Professor Andrew Verstein’s article selected among top submissions of 2018 AALS Scholarly Papers Competition
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Office of Communications and Public Relations
November 17, 2017
Professor Andrew Verstein‘s article, “The Jurisprudence of Mixed Motives,” has been selected among the top submissions in the 2018 Association of American Law Schools (AALS) Scholarly Papers Competition for law school faculty members in the field for five years or less.
Professor Verstein’s article, “The Jurisprudence of Mixed Motives,” looks at how various areas of the law analyze the complex issue of motive and determines the four most common motive standards. Professor Verstein provides an in-depth examination of motivations in the law, from Equal Protection and employment discrimination to insider trading and income taxation. The draft article is available on SSRN and will be published in the Yale Law Review.
The AALS Committee to Review Scholarly Papers for the 2018 Annual Meeting received 53 submitted articles. The committee selected three authors article’s to award, one winner and two honorable mentions. The winning article, “Rethinking Political Power in Judicial Review” was awarded to Aaron Tang of the University of California Davis School of Law. The first honorable mention, “The Lottery Ticket” was awarded to William Ortman of Wayne State University Law School and Daniel Epp of Washington University in St. Louis School of Law. The second honorable mention, “The Jurisprudence of Mixed Motives,” was awarded to Professor Verstein.
The committee found Verstein’s article, “impressive, cross-cutting, and innovative take on a difficult doctrinal puzzle,” according to AALS Association Director Elizabeth Patterson. Professor Verstein is invited to be recognized at the first 2018 meeting of the AALS House of Representatives on Thursday, Jan. 4, in San Diego, California.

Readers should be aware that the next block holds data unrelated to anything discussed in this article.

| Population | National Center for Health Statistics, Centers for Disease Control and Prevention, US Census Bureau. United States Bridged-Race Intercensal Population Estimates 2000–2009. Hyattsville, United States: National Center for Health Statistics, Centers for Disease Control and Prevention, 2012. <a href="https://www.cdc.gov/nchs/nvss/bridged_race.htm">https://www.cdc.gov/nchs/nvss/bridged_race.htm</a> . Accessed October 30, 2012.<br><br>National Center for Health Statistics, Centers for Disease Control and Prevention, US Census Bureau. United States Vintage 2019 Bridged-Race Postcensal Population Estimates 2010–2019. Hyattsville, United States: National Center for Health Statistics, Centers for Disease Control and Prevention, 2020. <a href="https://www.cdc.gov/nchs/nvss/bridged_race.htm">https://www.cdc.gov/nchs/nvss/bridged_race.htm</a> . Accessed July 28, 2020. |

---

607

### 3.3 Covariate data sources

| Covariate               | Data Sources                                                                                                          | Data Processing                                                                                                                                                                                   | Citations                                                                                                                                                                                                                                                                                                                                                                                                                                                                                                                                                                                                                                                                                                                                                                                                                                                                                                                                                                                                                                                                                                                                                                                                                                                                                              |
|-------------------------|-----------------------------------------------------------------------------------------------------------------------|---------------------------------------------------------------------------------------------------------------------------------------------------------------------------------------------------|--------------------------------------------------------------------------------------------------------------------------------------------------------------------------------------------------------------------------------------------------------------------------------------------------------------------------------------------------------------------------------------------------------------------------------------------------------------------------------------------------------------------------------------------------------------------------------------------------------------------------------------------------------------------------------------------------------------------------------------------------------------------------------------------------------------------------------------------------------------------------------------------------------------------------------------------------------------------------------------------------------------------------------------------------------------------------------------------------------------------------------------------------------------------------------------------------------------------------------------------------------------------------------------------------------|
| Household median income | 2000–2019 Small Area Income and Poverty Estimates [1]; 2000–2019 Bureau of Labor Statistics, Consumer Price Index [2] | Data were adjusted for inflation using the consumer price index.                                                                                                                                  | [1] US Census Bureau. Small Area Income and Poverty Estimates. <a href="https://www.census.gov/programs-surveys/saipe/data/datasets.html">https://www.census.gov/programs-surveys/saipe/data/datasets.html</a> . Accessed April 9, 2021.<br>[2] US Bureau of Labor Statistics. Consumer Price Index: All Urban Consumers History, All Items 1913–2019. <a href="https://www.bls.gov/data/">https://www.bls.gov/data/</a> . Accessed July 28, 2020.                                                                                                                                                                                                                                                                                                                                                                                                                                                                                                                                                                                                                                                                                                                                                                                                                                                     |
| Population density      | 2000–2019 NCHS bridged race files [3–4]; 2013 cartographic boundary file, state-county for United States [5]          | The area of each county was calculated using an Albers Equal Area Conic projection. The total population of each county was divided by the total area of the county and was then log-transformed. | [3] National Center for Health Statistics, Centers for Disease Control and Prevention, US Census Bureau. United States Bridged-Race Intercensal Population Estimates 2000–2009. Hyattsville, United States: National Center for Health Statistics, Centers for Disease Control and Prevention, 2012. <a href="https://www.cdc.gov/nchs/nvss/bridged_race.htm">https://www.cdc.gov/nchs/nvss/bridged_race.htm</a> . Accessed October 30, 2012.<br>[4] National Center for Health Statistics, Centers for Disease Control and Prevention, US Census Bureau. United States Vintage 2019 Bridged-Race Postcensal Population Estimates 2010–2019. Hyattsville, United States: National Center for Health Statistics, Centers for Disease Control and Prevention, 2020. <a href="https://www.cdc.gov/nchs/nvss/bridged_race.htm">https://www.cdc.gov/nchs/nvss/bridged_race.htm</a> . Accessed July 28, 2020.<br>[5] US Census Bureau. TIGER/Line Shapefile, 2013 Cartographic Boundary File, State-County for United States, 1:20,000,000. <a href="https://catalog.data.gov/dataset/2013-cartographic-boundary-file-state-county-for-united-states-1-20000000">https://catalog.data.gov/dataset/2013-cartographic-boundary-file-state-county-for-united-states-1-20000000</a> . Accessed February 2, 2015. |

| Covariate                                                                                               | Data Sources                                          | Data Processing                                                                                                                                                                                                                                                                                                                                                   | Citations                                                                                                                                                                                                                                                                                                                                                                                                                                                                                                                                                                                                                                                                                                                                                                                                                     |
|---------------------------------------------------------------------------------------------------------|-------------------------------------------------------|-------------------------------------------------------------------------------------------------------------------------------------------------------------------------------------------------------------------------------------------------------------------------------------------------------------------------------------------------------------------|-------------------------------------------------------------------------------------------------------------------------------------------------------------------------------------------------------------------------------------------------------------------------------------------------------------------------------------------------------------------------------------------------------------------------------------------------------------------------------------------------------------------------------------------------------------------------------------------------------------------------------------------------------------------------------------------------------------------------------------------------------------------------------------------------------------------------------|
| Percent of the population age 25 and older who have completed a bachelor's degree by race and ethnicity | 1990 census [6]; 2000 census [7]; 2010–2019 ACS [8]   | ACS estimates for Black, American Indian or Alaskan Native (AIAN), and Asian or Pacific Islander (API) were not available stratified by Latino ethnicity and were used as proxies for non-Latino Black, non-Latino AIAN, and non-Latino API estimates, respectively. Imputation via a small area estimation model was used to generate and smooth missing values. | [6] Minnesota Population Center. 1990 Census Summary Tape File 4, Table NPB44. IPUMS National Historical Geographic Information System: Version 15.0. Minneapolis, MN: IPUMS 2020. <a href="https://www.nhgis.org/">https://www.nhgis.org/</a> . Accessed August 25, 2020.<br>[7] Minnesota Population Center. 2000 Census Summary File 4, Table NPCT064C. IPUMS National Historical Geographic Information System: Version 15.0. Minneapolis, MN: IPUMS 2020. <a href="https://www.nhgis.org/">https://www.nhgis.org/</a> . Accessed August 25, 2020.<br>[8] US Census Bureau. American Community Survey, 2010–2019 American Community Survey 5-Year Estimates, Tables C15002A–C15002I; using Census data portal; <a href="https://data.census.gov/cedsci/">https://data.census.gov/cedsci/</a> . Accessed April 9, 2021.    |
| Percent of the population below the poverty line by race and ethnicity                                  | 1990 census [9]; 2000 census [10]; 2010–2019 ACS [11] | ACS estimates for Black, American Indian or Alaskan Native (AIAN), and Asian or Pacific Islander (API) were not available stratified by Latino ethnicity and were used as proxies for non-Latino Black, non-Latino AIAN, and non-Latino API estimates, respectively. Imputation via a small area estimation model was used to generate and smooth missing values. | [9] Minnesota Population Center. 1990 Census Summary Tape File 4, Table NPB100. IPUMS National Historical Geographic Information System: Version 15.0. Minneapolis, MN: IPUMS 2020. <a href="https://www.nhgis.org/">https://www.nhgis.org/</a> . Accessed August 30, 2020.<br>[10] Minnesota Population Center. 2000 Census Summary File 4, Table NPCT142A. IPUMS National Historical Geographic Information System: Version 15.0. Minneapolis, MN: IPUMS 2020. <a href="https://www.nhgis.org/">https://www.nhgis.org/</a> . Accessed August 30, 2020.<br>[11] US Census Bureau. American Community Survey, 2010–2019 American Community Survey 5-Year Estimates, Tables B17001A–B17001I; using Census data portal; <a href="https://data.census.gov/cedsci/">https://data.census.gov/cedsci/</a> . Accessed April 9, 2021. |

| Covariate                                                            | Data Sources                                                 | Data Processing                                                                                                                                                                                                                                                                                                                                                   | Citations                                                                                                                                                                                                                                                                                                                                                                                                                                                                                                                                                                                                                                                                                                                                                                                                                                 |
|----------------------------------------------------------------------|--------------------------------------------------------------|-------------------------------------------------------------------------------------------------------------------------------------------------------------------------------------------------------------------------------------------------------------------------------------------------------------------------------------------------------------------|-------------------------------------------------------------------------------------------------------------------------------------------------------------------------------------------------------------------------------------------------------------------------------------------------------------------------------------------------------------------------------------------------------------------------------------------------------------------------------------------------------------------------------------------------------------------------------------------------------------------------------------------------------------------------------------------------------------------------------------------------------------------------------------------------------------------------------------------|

AALS, founded in 1900, is a nonprofit association of 179 law schools. Its members enroll most of the nation’s law students and produce the majority of the country’s lawyers and judges, as well as many of its lawmakers. The mission of AALS is to uphold and advance excellence in legal education. In support of this mission, AALS promotes the core values of excellence in teaching and scholarship, academic freedom, and diversity, including diversity of backgrounds and viewpoints, while seeking to improve the legal profession, to foster justice, and to serve our many communities–local, national and international.
Professor Verstein, who is currently visiting at the University of Chicago School of Law, teaches and writes in the areas of contract law, corporate law, and securities and commodities regulation and litigation. His articles have been or will be published in the Yale Law Journal, The University of Chicago Law Review, The Virginia Law Review, the Michigan Law Review, the Northwestern University Law Review, and other journals. Some representative projects include person-to-person lending and crowdfunding, financial indices and benchmarks such as Libor, and market abuse in securities and commodities markets, investor time horizons, the intersection between national security and corporate governance, the functional role of business entities, and the treatment of mixed motives in the law. His scholarship is available at: http://papers.ssrn.com/sol3/cf